August 7, 2019 Blindsided (Movie Review)
Canada has been an enormous output of low budget Horror films for almost 50 years now. Dating all the way back to the ’70s when a young director named David Cronenberg was making a name for himself cranking out films like 1975’s Shivers, 1976’s Rabid, and 1979’s The Brood. Ever since Cronenberg opened the flood gates, fans have gotten endless films… all produced via Canadian resources. That said, it is nice to see director and co-writer Johnny Mitchell keeping that flame going with his debut Horror film Blindsided, which comes to DVD and digital on Tuesday, August 13th through Uncork’d Entertainment.
Also known as Darker Than Night, the film follows Sloan Carter (Bea Santos: Murdoch Mysteries series, True Detective series), a young girl who has recently been blinded. Her father, Dr. David Carter Paul (Popowich: Degrassi: The Next Generation series, Hemlock Grove series) leaves for the weekend and her two best friends Toby (Erik Knudsen: Scott Pilgrim vs. the World 2010, Scream 4 2011) and Mika (Melinda Shankar: Slasher series, Filth City series) both returning home from University, keep her company.
A protege of her father, Tom (Atticus Mitchell: My Babysitter’s a Vampire series, Killjoys series), passing through town, also spends the night. Then the peaceful weekend is interrupted by a shadowy threat and the safe country getaway turns into a fight for survival.
Blindsided is a film that was wisely designed within its budgeted framework – one night, secluded location, minimal characters. Perfect for a director’s first feature film, there is definitely some promise for Director Johnny Mitchell throughout Blindsided despite it being a bit run of the mill. The performances are far more natural and solid than you would expect from a film like this. For example, Bea Santos is quite believable playing a blind woman and never makes it feel forced. There are also some great use of practical effects, genuine moments of suspense, and the photography is also a bit above the typical low grade photography you are used to seeing in cheap Horror films.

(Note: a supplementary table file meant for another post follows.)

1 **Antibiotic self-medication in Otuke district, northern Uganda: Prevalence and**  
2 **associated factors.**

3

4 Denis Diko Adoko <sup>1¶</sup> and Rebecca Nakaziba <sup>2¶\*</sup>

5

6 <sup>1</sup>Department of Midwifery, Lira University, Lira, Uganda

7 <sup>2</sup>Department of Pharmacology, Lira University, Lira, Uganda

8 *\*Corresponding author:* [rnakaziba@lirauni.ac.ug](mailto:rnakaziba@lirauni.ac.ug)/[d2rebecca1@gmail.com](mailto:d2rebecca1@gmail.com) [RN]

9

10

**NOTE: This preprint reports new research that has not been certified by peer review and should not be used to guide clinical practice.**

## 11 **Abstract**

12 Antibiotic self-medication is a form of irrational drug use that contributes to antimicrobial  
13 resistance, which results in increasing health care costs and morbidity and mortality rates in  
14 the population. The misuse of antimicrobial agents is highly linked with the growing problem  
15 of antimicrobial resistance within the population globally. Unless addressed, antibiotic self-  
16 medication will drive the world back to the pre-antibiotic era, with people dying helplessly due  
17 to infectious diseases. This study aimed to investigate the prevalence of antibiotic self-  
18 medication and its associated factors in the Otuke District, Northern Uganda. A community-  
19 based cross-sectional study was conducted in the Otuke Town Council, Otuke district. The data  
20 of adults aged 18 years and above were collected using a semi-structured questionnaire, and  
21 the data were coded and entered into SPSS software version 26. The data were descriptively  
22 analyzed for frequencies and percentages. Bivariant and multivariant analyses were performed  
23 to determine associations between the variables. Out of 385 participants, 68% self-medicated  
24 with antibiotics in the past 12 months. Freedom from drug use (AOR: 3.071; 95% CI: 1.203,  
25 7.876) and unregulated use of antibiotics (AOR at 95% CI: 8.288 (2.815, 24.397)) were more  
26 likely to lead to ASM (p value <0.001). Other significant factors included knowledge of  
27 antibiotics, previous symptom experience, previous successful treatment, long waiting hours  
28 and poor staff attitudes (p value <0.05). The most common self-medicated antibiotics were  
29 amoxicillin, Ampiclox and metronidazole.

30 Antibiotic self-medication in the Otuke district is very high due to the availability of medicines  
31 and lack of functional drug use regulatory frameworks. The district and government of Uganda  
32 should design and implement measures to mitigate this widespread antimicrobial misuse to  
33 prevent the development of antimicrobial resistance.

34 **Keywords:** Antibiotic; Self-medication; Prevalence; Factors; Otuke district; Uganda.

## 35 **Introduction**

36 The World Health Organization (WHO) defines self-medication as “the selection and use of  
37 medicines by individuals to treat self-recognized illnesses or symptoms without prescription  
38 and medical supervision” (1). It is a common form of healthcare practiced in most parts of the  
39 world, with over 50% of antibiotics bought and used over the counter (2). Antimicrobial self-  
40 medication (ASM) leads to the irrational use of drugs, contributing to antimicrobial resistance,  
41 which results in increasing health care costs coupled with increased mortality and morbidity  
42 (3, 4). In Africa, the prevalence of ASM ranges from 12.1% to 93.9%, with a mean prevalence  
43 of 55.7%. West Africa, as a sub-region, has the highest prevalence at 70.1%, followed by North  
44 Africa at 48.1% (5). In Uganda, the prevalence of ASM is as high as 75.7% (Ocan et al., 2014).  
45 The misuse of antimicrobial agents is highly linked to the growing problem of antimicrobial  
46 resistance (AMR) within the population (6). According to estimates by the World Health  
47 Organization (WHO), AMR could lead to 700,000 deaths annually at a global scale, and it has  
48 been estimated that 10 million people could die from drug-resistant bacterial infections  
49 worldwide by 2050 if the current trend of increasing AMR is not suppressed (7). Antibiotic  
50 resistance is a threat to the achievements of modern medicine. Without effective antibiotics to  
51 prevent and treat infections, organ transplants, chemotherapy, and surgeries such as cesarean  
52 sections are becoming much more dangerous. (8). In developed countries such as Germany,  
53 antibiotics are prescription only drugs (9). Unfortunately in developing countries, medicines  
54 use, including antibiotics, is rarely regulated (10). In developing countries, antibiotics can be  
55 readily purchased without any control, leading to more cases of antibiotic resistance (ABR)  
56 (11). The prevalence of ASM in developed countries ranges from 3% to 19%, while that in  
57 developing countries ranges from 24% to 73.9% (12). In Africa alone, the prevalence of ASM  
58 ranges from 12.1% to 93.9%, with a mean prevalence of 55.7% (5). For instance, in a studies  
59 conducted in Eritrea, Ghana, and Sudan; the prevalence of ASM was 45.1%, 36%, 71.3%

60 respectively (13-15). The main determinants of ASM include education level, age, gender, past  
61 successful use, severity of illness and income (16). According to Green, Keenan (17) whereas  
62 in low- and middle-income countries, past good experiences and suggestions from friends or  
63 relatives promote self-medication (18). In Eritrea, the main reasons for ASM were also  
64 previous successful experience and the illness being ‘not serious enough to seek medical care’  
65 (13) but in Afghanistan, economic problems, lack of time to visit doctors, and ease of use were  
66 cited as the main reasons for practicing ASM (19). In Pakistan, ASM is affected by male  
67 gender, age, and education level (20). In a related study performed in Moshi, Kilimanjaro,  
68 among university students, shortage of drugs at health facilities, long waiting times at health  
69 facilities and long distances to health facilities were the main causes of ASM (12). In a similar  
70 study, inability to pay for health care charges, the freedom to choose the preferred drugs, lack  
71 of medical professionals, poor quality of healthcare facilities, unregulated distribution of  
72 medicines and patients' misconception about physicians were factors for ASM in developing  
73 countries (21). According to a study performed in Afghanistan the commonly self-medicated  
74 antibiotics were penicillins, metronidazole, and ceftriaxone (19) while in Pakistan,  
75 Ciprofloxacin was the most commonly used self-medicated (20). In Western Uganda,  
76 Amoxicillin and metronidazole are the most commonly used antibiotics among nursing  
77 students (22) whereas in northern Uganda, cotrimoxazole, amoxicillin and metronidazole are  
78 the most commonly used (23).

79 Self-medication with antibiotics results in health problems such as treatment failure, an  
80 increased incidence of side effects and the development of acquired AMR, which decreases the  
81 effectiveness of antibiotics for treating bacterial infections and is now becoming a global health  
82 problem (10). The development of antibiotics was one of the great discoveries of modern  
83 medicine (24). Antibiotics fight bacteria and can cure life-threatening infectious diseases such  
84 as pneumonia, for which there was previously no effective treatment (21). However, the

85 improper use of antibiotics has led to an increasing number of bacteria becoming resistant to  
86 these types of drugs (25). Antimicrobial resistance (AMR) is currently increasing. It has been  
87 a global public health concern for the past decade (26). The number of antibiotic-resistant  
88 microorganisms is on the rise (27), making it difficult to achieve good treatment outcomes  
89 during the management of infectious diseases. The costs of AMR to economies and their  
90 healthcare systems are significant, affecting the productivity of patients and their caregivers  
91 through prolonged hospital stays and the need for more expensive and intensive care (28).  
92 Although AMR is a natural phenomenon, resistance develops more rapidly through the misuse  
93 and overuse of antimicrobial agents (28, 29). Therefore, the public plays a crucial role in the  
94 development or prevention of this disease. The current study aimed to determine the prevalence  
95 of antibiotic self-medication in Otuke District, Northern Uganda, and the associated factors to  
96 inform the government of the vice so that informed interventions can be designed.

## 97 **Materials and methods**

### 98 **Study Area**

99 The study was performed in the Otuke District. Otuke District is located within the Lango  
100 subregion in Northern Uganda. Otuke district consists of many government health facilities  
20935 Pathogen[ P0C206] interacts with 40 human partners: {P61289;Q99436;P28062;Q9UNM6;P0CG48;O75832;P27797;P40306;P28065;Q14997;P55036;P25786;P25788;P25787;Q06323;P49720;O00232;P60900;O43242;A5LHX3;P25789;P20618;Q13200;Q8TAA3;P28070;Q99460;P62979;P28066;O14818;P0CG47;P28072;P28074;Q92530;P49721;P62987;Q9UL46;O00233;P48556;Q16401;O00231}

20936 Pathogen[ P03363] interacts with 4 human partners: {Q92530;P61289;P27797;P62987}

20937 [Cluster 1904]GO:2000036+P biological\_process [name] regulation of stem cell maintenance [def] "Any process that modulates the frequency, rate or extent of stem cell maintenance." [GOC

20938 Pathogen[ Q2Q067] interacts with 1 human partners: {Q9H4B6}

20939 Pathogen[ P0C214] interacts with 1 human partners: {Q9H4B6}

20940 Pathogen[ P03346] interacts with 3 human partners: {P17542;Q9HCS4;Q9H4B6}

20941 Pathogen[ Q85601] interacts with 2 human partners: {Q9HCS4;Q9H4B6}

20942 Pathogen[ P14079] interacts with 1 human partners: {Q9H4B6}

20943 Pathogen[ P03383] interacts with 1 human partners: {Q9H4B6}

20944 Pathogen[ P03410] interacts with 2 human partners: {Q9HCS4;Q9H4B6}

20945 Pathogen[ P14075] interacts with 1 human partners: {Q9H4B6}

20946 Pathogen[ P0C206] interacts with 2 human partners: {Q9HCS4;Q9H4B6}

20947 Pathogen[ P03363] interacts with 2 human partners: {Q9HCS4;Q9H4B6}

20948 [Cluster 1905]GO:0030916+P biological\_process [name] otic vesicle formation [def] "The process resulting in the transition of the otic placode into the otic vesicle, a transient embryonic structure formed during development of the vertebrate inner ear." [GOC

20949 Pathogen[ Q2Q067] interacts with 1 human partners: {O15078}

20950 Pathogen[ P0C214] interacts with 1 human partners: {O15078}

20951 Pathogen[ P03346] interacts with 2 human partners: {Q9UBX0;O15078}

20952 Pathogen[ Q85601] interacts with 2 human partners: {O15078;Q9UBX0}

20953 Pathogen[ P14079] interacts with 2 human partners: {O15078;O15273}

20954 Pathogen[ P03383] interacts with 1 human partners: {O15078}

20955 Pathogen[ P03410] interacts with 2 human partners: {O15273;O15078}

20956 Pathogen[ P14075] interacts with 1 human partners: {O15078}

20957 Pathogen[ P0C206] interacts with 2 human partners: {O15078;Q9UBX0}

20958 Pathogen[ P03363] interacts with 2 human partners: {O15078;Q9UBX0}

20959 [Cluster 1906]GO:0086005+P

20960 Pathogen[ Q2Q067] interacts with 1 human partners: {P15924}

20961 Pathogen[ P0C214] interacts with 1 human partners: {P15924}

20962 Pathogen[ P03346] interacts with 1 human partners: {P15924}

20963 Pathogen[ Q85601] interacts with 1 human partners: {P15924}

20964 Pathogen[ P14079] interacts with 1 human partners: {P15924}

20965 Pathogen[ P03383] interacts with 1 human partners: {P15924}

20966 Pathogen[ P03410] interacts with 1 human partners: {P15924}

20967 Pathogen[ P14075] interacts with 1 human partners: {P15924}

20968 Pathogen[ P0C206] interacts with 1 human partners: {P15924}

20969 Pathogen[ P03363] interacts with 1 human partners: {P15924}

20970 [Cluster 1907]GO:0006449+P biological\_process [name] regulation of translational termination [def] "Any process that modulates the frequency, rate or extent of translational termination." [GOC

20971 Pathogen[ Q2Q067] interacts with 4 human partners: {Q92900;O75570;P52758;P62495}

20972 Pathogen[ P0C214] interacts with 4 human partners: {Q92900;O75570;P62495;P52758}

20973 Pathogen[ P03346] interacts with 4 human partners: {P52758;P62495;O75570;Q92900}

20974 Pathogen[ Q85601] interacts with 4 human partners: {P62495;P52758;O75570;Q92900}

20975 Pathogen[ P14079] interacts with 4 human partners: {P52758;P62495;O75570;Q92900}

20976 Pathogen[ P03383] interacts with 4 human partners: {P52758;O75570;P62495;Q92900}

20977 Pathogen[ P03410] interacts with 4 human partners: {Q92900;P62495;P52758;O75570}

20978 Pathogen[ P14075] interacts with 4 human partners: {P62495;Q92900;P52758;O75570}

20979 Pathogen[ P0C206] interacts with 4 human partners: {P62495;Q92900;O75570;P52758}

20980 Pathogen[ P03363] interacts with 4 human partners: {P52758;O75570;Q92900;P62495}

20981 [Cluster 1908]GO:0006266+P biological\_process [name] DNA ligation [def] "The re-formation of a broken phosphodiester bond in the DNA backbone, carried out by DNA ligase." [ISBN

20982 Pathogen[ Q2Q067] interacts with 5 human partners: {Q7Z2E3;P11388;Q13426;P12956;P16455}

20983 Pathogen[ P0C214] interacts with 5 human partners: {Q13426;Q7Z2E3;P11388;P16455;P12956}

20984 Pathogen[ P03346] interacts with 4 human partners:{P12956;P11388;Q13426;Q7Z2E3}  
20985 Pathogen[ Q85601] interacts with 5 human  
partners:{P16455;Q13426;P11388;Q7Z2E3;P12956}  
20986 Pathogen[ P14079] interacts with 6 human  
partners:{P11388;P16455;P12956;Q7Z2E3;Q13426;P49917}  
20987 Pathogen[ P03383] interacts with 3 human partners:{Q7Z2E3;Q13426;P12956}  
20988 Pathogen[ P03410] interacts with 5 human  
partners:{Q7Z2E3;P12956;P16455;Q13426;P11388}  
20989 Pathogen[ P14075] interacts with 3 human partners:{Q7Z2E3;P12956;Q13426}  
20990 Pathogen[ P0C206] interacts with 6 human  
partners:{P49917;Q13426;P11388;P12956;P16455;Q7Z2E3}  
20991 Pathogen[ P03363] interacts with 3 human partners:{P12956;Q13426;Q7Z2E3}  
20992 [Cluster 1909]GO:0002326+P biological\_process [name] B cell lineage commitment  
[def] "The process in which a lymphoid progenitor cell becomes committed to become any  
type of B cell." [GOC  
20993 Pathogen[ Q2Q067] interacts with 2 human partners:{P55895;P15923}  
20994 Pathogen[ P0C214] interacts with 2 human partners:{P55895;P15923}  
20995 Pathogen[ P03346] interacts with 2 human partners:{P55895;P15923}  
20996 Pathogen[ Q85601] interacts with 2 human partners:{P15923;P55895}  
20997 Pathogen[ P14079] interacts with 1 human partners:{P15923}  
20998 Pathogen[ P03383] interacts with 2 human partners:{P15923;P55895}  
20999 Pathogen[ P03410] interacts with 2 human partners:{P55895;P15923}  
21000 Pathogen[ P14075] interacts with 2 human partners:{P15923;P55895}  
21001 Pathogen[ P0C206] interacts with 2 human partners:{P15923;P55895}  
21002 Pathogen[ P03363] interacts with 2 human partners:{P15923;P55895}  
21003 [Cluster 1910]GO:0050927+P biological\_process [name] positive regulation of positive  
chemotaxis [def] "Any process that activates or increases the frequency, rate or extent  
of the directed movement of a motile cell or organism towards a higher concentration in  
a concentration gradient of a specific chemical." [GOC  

Mitchell and his co-writers Brandon Tataryn and Brad Wetherly do a nice job of setting up all the principal characters which you get to know through relatable dialogue and interactions. However, some might find the friends slightly annoying at times, but in a way that makes it a bit more realistic. Also, with the exception of only a handful of films in the genre, most Horror films in the vein of something like Blindsided contain annoying characters. It is as if it is part of the package so that when they show their vulnerability upon survival mode, it flips the audience upside down and oddly gets you to sympathize with them.
Despite being a lean 81 minutes, the pace of Blindsided becomes slightly meandering in the middle act which is not uncommon at all with low budget Horror films. All this in mind, there are plenty of cliched tropes and typical conventions of a standard paint by numbers Horror film here, but sometimes we need films in the genre that are not trying to reinvent the wheel. Too many Horror flicks out there tries so hard to be overly complex and original when in fact fans at the end of the day just want a movie that delivers the groceries.
So check out Blindsided when it comes out with moderate expectations and you might be pleasantly surprised. That is why Cryptic Rock gives this movie 3.5 out of 5 stars.